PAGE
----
At age 86, today Louise delegates most of the garden work out, but she’s still the mastermind behind it. She’s ever trying new things. Some work. Some don’t. Most are detailed in her book, no matter their story. “If you don’t see something growing around here or your friends’ gardens, it usually doesn’t grow very well around here,” she explains. But perhaps her statement is more nuanced when applied to her own garden. If a plant isn’t there, it’s simply because Louise listened to the land and nurtured it accordingly.

Every Book Has Its Own Story

The roots of Louise Agee Wrinkle’s Listen to the Land go back to a request by a well known British garden photographer for her to write a book and let him take the photos. Very few people stay in one place for 30 years, and she was coming up on that milestone. Maybe it was time to write a book, though she’d never considered herself a writer. (It seems she could keep tapping long-hidden talents for decades, between taking up gardening in her late 50s and writing in her late 80s.) What came into being was two years of her own labor, eloquently telling the tale of her life and her garden, and sharing a wealth of the horticultural knowledge she’s amassed over the years.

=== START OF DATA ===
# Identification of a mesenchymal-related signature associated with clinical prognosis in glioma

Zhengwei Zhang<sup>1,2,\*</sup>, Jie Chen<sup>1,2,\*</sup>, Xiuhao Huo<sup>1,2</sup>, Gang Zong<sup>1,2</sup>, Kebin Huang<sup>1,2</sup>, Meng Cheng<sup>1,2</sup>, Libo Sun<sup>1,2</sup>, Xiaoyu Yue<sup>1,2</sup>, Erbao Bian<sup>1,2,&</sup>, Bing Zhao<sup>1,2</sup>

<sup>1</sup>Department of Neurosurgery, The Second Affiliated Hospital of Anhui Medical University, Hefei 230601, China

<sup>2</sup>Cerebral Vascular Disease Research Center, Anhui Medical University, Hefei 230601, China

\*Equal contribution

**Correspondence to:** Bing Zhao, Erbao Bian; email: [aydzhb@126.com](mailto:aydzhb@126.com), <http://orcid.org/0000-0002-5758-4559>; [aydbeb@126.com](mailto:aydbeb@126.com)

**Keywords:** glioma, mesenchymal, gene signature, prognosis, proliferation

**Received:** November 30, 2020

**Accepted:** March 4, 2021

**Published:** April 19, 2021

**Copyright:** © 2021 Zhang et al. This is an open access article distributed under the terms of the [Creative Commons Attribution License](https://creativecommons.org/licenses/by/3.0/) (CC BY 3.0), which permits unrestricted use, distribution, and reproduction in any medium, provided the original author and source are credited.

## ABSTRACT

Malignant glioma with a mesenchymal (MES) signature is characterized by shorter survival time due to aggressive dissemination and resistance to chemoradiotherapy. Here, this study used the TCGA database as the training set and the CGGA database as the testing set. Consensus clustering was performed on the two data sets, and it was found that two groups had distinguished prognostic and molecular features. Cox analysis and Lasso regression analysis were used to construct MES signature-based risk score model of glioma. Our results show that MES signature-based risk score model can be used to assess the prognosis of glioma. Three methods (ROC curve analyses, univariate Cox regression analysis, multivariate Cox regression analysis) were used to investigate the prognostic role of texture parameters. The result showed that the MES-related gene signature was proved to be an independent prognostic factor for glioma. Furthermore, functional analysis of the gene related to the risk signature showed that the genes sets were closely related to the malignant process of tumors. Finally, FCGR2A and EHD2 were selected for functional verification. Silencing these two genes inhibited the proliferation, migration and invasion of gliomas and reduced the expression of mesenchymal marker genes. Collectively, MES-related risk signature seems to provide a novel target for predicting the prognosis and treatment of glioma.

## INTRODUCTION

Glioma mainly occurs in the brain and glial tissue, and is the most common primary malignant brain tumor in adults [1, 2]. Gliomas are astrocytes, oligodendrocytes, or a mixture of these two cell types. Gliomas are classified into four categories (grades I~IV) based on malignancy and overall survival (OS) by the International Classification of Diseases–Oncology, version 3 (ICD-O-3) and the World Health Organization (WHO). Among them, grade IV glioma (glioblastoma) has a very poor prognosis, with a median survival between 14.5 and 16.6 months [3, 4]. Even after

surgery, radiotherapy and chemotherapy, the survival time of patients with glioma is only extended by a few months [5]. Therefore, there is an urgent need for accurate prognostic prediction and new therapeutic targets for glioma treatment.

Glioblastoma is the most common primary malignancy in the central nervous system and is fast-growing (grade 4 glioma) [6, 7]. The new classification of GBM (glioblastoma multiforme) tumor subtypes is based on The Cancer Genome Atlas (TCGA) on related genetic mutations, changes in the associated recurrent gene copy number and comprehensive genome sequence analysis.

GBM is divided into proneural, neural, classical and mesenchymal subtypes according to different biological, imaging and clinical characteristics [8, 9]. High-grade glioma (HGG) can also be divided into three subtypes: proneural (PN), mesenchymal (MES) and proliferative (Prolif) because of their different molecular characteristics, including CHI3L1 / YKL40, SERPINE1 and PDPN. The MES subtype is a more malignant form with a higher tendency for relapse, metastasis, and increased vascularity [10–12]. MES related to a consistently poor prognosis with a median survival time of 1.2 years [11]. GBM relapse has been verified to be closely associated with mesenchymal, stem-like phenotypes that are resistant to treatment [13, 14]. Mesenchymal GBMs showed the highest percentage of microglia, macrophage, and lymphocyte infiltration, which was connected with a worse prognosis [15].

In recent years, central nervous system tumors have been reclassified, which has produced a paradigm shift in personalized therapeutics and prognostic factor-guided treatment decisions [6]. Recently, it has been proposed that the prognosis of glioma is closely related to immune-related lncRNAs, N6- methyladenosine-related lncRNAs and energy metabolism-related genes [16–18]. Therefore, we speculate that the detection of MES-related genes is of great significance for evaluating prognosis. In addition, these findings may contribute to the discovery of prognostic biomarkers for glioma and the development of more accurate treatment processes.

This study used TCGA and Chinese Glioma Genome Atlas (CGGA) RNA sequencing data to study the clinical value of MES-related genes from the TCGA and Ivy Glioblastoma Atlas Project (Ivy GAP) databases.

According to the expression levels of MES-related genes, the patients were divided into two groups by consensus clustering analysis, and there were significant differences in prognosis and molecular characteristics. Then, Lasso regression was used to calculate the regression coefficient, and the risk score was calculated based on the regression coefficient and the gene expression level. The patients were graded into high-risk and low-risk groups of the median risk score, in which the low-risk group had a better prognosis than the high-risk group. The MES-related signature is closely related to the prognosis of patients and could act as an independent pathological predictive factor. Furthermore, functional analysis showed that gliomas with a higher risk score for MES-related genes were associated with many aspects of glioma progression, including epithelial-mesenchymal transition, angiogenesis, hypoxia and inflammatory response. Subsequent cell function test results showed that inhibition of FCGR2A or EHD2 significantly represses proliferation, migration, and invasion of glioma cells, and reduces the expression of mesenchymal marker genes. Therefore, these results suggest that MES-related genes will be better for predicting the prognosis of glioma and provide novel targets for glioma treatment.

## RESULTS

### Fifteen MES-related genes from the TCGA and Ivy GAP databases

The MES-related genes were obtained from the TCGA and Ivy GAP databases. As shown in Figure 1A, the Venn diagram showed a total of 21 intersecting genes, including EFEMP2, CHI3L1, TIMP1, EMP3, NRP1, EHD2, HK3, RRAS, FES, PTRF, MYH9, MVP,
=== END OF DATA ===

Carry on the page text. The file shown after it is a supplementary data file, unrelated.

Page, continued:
These words—honed with assistance from her daughter Margaret, who has written a historical novel, and longtime friend and former Southern Living editor John Floyd, along with Birmingham Botanical Garden executive director Fred Spicer—paired with a compilation of old and new, professional and nonprofessional photographs in a picturesque coffee table volume released last fall. Since the book has come out, she’s started getting more requests for garden tours, and she’s continued to welcome garden clubs from all over and to speak at book signings at Garden Club of America meetings, book festivals and botanical gardens.

Listen to the Land can be purchased online or at Bromberg’s, The Dande Lion, Henhouse Antiques, Leaf & Petal at the Gardens, Little Hardware, Village Poodle, Smith’s Variety and select other local retailers. For more information, visit